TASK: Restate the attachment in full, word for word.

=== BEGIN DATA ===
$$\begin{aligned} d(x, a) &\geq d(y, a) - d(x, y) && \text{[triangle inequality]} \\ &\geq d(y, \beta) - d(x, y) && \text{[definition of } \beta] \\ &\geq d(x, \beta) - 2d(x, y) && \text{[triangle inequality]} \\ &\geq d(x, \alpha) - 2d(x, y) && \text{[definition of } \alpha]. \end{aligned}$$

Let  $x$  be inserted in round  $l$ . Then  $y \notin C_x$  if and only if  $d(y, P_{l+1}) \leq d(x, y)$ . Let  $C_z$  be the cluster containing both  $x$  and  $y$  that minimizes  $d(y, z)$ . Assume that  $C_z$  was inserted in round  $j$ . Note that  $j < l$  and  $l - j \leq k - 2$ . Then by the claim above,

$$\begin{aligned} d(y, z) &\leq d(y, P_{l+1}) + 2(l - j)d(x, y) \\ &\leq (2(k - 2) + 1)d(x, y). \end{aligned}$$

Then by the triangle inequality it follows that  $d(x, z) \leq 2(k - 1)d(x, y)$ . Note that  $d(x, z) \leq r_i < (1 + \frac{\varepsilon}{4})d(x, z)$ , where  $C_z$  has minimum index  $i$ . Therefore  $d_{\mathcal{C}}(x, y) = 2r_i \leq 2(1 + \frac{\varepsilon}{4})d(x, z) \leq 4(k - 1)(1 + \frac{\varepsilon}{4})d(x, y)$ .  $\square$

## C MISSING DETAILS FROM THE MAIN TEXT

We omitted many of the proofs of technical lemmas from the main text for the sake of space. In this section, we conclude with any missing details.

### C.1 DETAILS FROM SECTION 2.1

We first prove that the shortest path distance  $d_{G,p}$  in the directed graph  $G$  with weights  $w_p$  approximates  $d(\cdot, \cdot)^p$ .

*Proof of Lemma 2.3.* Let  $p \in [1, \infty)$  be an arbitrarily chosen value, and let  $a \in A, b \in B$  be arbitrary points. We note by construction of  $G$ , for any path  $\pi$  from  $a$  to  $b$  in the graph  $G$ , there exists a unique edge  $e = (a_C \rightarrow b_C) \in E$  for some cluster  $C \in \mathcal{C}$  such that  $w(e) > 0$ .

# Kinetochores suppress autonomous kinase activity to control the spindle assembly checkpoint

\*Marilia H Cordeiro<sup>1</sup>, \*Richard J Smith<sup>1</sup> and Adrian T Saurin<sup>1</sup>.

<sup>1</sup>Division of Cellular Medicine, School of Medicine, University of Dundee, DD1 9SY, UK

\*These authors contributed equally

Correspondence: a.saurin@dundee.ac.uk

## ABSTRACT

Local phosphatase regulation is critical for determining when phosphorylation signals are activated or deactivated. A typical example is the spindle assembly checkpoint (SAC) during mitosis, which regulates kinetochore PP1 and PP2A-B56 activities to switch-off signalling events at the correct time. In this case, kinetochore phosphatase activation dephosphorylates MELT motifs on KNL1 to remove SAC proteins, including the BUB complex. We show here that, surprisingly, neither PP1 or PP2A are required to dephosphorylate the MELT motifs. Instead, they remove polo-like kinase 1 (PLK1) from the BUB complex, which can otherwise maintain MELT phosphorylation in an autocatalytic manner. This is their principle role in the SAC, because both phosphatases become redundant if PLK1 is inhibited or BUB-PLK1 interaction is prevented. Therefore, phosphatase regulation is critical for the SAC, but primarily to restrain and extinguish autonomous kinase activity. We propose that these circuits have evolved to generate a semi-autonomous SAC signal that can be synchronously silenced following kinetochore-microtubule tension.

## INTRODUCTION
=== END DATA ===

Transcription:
$$\begin{aligned} d(x, a) &\geq d(y, a) - d(x, y) && \text{[triangle inequality]} \\ &\geq d(y, \beta) - d(x, y) && \text{[definition of } \beta] \\ &\geq d(x, \beta) - 2d(x, y) && \text{[triangle inequality]} \\ &\geq d(x, \alpha) - 2d(x, y) && \text{[definition of } \alpha]. \end{aligned}$$

Let  $x$  be inserted in round  $l$ . Then  $y \notin C_x$  if and only if  $d(y, P_{l+1}) \leq d(x, y)$ . Let  $C_z$  be the cluster containing both  $x$  and  $y$  that minimizes  $d(y, z)$ . Assume that  $C_z$  was inserted in round  $j$ . Note that  $j < l$  and  $l - j \leq k - 2$ . Then by the claim above,

$$\begin{aligned} d(y, z) &\leq d(y, P_{l+1}) + 2(l - j)d(x, y) \\ &\leq (2(k - 2) + 1)d(x, y). \end{aligned}$$

Then by the triangle inequality it follows that  $d(x, z) \leq 2(k - 1)d(x, y)$ . Note that  $d(x, z) \leq r_i < (1 + \frac{\varepsilon}{4})d(x, z)$ , where  $C_z$  has minimum index  $i$ . Therefore  $d_{\mathcal{C}}(x, y) = 2r_i \leq 2(1 + \frac{\varepsilon}{4})d(x, z) \leq 4(k - 1)(1 + \frac{\varepsilon}{4})d(x, y)$ .  $\square$

## C MISSING DETAILS FROM THE MAIN TEXT

We omitted many of the proofs of technical lemmas from the main text for the sake of space. In this section, we conclude with any missing details.

### C.1 DETAILS FROM SECTION 2.1

We first prove that the shortest path distance  $d_{G,p}$  in the directed graph  $G$  with weights  $w_p$  approximates  $d(\cdot, \cdot)^p$ .

*Proof of Lemma 2.3.* Let  $p \in [1, \infty)$  be an arbitrarily chosen value, and let  $a \in A, b \in B$  be arbitrary points. We note by construction of  $G$ , for any path  $\pi$  from  $a$  to  $b$  in the graph  $G$ , there exists a unique edge  $e = (a_C \rightarrow b_C) \in E$  for some cluster  $C \in \mathcal{C}$  such that  $w(e) > 0$ .

# Kinetochores suppress autonomous kinase activity to control the spindle assembly checkpoint

\*Marilia H Cordeiro<sup>1</sup>, \*Richard J Smith<sup>1</sup> and Adrian T Saurin<sup>1</sup>.

<sup>1</sup>Division of Cellular Medicine, School of Medicine, University of Dundee, DD1 9SY, UK

\*These authors contributed equally

Correspondence: a.saurin@dundee.ac.uk

## ABSTRACT

Local phosphatase regulation is critical for determining when phosphorylation signals are activated or deactivated. A typical example is the spindle assembly checkpoint (SAC) during mitosis, which regulates kinetochore PP1 and PP2A-B56 activities to switch-off signalling events at the correct time. In this case, kinetochore phosphatase activation dephosphorylates MELT motifs on KNL1 to remove SAC proteins, including the BUB complex. We show here that, surprisingly, neither PP1 or PP2A are required to dephosphorylate the MELT motifs. Instead, they remove polo-like kinase 1 (PLK1) from the BUB complex, which can otherwise maintain MELT phosphorylation in an autocatalytic manner. This is their principle role in the SAC, because both phosphatases become redundant if PLK1 is inhibited or BUB-PLK1 interaction is prevented. Therefore, phosphatase regulation is critical for the SAC, but primarily to restrain and extinguish autonomous kinase activity. We propose that these circuits have evolved to generate a semi-autonomous SAC signal that can be synchronously silenced following kinetochore-microtubule tension.

## INTRODUCTION